World War Z: An Oral History of the Zombie War & The Zombie Survival Guide by Max Brooks - I'll admit, I'm not a big fan of zombies. I avoid books and movies about them, since they tend to emphasize the gore factor a bit too much for my taste. But then I heard that a movie was being made based on the book, and that fans of the book were up in arms about it. I had to read it.
World War Z (the book) is told, true to it's subtitle, as an oral history. Divided into chronological sections, the story is told through interviews with survivors of the war. The people interviewed range from military to doctors to ordinary people, and follow the spread of the plague, the governments' responses (or lack thereof) and how people managed to survive and, ultimately, beat back the zombie hoards. The first-person narration is gripping and brings you to the heart of the crisis. The raw terror, the helplessness and the desperation are tangible, as is the toll both the war and the terrible solution that won it took on what remains of humanity.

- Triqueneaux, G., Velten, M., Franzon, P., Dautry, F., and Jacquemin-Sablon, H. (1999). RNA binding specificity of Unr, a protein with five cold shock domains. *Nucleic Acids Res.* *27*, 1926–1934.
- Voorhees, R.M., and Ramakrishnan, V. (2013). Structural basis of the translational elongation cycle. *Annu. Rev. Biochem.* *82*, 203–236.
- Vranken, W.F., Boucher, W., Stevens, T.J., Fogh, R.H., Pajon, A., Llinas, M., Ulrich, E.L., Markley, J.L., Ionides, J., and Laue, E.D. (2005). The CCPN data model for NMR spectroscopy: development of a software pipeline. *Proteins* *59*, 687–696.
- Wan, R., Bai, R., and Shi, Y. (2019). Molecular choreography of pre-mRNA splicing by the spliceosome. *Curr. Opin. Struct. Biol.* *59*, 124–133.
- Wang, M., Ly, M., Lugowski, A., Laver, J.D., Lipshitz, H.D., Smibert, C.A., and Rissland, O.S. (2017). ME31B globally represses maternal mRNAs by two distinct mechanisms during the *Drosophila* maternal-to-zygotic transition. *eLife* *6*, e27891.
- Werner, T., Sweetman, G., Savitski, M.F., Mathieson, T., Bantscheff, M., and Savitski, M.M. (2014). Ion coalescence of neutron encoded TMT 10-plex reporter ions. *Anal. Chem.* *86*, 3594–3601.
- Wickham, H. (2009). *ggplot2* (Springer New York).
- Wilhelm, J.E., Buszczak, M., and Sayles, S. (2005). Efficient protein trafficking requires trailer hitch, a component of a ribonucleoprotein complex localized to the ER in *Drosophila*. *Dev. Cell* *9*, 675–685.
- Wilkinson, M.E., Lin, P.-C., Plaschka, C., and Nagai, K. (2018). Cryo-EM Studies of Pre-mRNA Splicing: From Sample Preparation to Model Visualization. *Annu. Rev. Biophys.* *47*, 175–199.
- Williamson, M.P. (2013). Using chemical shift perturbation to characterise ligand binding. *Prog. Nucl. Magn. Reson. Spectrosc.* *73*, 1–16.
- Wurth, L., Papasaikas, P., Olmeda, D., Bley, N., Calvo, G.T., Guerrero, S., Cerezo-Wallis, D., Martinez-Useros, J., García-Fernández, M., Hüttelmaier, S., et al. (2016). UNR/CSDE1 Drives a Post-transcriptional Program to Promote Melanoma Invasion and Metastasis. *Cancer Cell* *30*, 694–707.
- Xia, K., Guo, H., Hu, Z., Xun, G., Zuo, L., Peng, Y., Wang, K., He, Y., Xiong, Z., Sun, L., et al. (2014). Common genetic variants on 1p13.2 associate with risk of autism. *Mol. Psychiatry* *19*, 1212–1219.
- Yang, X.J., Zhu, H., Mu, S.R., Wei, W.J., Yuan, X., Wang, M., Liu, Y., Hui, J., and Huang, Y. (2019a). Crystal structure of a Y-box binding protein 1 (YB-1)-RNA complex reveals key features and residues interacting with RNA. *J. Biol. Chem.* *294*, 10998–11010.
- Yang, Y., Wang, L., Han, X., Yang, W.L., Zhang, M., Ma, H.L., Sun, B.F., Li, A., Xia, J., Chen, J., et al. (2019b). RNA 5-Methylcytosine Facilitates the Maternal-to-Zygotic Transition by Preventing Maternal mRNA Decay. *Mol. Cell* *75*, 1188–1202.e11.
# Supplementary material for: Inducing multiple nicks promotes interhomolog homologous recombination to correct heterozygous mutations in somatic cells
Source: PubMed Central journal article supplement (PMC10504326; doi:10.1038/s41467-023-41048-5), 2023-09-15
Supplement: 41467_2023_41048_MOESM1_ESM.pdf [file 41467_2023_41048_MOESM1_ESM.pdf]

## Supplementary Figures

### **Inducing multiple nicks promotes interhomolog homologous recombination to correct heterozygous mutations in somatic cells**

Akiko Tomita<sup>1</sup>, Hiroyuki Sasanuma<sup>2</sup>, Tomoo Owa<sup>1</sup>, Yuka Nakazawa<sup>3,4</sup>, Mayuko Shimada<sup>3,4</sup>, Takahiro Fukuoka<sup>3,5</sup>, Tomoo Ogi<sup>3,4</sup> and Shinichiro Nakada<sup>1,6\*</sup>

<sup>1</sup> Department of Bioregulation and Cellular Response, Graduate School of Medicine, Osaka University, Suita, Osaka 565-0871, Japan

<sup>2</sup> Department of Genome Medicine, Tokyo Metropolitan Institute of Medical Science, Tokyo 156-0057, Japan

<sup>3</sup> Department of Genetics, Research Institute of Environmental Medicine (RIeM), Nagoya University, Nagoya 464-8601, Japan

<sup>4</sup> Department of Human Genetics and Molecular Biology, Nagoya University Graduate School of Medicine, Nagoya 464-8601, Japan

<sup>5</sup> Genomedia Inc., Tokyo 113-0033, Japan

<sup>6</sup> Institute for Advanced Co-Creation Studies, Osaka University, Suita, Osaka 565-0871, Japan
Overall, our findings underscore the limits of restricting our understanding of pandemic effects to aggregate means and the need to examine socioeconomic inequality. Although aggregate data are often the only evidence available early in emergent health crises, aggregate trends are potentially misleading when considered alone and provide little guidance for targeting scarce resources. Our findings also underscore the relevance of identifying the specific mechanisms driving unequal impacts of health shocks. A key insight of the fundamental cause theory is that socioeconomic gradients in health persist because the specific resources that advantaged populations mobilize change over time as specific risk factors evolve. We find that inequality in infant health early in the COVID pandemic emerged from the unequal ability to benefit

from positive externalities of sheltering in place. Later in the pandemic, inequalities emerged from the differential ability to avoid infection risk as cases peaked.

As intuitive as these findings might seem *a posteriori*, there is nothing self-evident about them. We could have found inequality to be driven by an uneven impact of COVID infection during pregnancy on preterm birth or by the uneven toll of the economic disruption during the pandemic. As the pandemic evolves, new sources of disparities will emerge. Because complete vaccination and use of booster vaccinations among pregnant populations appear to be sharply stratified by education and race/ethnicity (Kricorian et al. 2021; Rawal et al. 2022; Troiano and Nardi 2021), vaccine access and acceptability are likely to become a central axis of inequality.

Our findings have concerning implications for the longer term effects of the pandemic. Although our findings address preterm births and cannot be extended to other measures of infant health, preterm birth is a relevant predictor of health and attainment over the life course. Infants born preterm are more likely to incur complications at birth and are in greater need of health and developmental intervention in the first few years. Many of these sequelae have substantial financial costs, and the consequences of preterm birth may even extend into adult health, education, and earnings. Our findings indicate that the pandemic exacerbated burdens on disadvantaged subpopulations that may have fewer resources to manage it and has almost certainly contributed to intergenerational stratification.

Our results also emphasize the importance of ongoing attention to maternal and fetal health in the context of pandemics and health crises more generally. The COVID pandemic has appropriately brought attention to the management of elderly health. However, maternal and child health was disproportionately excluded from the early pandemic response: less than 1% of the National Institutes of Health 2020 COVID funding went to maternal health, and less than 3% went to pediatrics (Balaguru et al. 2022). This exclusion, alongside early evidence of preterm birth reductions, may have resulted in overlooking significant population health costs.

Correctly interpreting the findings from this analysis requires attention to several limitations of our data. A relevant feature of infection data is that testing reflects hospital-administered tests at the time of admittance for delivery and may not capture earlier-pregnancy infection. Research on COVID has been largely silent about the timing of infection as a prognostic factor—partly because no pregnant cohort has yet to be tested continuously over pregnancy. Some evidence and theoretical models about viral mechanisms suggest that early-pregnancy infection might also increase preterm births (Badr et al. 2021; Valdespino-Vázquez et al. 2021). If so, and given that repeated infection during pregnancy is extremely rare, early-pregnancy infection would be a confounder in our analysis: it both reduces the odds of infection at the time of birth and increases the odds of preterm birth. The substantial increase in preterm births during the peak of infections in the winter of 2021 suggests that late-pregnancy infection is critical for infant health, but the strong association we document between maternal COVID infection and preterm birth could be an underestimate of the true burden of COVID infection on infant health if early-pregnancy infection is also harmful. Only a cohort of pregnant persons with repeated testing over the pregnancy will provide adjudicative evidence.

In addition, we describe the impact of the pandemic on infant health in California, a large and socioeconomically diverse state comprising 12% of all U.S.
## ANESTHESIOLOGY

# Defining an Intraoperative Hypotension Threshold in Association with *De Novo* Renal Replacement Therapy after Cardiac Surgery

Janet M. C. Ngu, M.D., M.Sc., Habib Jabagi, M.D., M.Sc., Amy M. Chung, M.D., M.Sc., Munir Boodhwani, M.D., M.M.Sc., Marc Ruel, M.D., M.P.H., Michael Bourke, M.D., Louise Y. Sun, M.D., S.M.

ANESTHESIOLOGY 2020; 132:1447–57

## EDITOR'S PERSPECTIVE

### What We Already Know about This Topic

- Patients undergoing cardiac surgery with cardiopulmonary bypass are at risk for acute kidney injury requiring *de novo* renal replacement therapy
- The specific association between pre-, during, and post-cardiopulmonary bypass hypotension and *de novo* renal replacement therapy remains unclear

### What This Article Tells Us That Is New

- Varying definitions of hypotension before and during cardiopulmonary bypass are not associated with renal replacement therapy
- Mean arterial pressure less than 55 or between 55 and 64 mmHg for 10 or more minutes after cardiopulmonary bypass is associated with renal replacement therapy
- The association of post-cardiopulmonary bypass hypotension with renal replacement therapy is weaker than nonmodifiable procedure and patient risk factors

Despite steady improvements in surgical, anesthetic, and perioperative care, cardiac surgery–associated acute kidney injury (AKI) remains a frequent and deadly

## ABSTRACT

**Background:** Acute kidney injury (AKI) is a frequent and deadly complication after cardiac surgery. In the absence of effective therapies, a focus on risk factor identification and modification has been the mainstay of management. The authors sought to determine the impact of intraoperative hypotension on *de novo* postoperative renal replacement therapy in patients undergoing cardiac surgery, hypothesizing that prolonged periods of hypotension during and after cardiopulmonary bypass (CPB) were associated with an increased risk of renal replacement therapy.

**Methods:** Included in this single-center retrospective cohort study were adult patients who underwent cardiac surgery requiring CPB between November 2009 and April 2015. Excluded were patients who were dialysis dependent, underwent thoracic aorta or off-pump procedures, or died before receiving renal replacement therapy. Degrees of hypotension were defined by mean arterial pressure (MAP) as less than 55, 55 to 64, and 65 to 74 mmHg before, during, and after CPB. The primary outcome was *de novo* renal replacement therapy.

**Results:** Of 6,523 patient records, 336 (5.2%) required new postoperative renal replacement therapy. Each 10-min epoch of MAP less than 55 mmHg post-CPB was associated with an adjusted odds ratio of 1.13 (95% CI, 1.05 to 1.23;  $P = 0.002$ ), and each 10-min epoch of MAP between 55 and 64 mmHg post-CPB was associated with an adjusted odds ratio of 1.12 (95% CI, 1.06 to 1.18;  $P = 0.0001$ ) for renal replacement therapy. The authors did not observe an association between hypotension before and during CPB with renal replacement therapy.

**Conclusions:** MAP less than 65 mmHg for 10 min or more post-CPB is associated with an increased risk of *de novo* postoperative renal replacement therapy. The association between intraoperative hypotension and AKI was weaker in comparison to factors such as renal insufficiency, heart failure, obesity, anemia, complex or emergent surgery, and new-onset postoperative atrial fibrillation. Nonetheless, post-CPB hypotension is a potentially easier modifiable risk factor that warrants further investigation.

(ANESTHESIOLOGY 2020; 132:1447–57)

Brooks' companion nonfiction book, The Zombie Survival Guide, is referred to a few times as a "civilian survival manual" during World War Z and is written as such. Offering practical advice from where to go to what to bring with you, the guide is written in the same world as World War Z. It also offers more information about the virus that causes people to turn and a retrospective of recorded attacks dating back to 60,000 B.C. to the attacks that set off the global war. I'd recommend reading it after you've finished World War Z, as the history, advice and scenarios will hold more meaning.